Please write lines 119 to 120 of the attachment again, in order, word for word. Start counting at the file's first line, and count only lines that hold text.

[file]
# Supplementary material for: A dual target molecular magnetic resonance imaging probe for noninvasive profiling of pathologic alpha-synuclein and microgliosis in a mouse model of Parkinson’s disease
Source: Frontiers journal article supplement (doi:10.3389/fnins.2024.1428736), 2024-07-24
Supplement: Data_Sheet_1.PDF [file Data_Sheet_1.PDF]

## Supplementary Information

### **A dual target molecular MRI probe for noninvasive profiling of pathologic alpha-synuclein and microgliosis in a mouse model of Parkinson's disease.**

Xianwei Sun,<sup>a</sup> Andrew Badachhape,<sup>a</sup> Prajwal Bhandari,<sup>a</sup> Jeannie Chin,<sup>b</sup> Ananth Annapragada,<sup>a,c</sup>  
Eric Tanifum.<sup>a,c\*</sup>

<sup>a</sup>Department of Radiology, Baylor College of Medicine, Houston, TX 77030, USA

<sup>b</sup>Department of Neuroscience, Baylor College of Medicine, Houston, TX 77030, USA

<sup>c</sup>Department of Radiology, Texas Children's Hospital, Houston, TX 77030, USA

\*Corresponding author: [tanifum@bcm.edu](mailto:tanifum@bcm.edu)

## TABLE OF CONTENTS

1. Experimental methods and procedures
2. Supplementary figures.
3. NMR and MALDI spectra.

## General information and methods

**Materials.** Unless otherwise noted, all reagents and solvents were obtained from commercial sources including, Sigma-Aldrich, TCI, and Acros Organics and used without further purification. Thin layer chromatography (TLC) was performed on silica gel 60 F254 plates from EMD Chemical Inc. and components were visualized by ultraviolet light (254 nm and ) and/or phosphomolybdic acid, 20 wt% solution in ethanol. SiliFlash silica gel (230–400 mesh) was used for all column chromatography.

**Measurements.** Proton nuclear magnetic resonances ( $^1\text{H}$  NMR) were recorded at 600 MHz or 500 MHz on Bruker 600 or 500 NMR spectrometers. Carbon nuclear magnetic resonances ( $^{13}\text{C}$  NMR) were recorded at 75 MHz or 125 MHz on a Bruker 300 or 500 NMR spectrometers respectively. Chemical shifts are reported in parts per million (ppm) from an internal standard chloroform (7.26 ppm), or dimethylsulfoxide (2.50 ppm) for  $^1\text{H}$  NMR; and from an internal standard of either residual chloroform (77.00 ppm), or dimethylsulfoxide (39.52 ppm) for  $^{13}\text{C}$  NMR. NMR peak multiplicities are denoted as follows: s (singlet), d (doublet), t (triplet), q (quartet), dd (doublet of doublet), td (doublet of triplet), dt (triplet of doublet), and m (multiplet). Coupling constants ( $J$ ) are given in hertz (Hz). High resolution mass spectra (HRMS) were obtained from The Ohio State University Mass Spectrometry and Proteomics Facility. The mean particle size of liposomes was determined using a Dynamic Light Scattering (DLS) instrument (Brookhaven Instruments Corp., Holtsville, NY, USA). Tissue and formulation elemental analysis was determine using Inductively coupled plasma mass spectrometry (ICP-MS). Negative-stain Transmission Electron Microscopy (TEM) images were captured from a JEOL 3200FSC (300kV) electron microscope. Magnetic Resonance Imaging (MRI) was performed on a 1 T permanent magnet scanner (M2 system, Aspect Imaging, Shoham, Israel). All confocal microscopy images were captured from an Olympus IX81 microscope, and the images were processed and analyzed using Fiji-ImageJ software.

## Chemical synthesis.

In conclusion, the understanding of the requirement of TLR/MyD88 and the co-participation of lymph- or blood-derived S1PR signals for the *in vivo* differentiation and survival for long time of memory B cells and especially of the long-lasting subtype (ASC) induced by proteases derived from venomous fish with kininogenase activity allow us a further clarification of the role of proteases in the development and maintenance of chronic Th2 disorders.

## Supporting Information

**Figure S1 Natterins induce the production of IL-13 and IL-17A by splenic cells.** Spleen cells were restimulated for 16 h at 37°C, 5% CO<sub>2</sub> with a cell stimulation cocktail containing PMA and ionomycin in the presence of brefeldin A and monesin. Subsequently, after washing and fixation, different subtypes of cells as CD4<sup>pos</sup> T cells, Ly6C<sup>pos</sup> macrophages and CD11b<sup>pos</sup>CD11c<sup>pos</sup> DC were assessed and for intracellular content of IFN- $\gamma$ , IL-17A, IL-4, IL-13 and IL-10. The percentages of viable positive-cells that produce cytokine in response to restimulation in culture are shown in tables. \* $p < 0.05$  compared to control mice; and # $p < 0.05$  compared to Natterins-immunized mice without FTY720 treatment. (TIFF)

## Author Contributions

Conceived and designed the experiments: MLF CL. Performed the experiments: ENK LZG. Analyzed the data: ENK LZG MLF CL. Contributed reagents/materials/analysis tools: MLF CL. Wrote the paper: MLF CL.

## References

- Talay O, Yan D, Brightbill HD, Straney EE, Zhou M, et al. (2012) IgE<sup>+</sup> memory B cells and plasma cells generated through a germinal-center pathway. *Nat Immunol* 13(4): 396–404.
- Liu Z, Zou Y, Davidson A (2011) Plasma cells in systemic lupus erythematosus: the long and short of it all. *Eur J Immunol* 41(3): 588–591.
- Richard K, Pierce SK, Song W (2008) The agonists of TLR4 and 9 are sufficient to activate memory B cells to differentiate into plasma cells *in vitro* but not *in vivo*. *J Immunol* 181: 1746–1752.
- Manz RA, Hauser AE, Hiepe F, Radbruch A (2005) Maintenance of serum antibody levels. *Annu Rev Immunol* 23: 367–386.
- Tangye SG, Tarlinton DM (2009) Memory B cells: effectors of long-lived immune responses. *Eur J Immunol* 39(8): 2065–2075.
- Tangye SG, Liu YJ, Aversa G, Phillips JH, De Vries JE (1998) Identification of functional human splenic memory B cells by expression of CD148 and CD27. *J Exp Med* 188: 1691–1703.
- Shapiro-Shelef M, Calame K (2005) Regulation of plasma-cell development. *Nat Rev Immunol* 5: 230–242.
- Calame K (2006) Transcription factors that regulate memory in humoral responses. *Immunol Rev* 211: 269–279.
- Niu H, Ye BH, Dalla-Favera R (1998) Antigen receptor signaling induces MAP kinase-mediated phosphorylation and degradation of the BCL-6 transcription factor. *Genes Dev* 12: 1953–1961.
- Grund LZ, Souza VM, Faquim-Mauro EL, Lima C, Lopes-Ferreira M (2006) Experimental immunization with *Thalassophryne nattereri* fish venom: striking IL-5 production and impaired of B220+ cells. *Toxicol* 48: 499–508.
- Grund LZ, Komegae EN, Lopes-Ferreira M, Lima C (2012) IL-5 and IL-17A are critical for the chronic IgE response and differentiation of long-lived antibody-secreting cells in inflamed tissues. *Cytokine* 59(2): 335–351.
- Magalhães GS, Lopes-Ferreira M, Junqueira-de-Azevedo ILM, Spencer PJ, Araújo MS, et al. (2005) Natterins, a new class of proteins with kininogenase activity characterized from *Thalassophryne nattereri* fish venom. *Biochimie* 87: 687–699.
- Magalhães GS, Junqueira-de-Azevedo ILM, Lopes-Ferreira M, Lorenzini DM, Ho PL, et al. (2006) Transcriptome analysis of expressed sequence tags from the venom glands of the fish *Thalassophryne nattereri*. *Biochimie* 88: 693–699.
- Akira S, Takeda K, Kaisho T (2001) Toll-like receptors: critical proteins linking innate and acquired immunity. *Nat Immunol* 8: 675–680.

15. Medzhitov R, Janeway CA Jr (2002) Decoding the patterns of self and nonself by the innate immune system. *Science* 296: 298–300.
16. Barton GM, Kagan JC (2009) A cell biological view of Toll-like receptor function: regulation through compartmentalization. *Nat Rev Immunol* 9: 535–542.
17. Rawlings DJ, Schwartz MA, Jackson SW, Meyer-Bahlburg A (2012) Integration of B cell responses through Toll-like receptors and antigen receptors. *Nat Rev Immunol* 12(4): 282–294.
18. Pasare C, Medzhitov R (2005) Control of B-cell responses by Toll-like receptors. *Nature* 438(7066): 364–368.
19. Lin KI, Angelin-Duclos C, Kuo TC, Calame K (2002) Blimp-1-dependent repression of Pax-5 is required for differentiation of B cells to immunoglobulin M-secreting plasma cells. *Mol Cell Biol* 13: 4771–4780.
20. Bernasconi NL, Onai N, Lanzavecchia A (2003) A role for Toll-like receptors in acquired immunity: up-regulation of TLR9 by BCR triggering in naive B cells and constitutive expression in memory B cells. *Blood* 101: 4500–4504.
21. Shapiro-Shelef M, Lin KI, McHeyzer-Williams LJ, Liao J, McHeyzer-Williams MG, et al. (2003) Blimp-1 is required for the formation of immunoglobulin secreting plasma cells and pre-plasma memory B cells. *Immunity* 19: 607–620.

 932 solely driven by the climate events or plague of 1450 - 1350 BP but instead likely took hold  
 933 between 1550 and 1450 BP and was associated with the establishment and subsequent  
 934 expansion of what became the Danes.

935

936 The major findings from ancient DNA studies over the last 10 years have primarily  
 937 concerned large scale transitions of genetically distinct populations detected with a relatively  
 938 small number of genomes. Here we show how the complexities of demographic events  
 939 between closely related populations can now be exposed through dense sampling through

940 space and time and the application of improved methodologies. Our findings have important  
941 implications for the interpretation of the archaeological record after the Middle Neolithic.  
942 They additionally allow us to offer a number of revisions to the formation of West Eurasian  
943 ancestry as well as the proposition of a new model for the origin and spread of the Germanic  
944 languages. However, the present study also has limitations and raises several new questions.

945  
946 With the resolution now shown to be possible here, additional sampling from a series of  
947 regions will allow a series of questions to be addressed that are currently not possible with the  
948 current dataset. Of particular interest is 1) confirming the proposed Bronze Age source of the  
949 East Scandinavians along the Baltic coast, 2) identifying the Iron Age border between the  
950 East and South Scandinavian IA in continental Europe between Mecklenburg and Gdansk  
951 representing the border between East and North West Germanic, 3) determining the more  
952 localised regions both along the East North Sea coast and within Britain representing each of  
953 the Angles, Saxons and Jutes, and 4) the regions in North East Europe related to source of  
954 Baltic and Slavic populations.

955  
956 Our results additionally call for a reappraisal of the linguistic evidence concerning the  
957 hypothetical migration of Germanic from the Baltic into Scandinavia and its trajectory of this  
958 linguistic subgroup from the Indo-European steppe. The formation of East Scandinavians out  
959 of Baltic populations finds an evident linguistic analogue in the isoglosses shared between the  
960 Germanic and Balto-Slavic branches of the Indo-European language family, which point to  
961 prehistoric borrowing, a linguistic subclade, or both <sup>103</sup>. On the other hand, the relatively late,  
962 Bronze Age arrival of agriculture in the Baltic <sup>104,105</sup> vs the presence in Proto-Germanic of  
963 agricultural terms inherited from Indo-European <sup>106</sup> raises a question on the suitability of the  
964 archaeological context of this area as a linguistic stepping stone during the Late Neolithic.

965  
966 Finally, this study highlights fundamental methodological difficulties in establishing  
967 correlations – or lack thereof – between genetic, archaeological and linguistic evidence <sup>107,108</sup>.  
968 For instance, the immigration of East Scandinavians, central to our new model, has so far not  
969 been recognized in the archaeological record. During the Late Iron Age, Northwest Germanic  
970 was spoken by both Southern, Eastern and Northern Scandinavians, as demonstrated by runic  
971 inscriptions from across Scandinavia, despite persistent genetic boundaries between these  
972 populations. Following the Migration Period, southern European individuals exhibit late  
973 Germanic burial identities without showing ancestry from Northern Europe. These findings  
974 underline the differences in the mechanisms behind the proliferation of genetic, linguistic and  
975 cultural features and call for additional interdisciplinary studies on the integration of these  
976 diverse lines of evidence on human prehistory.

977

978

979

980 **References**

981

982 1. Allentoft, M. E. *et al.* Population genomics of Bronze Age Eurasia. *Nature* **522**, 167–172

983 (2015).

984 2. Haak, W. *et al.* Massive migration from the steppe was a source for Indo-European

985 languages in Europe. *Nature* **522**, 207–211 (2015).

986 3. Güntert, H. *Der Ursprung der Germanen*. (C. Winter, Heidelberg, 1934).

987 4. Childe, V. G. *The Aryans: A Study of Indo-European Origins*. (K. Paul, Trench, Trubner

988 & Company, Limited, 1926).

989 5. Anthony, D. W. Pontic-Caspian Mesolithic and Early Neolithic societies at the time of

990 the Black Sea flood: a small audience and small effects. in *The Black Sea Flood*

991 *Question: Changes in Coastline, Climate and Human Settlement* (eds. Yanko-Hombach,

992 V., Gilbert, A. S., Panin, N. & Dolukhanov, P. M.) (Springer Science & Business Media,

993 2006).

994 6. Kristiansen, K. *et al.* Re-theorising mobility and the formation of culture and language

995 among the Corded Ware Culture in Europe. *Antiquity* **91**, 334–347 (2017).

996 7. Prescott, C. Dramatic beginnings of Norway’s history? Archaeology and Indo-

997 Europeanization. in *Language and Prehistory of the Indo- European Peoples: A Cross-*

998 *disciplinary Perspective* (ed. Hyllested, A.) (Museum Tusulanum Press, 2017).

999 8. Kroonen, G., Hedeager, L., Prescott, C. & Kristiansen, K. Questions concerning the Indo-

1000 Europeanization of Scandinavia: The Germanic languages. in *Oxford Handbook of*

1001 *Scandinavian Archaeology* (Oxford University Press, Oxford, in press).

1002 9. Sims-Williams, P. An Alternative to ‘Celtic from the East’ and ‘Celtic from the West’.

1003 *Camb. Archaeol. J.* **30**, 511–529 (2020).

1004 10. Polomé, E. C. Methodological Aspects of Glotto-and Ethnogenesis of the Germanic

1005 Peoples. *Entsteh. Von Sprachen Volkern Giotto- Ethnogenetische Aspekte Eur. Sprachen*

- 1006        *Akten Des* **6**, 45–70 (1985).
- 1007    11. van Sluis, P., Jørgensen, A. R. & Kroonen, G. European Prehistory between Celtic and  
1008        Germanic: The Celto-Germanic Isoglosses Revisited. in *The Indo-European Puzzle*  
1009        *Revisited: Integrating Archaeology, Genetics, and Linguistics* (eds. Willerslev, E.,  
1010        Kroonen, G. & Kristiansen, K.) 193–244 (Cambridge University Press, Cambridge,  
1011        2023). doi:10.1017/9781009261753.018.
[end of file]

1004 10. Polomé, E. C. Methodological Aspects of Glotto-and Ethnogenesis of the Germanic

1005 Peoples. *Entsteh. Von Sprachen Volkern Giotto- Ethnogenetische Aspekte Eur. Sprachen*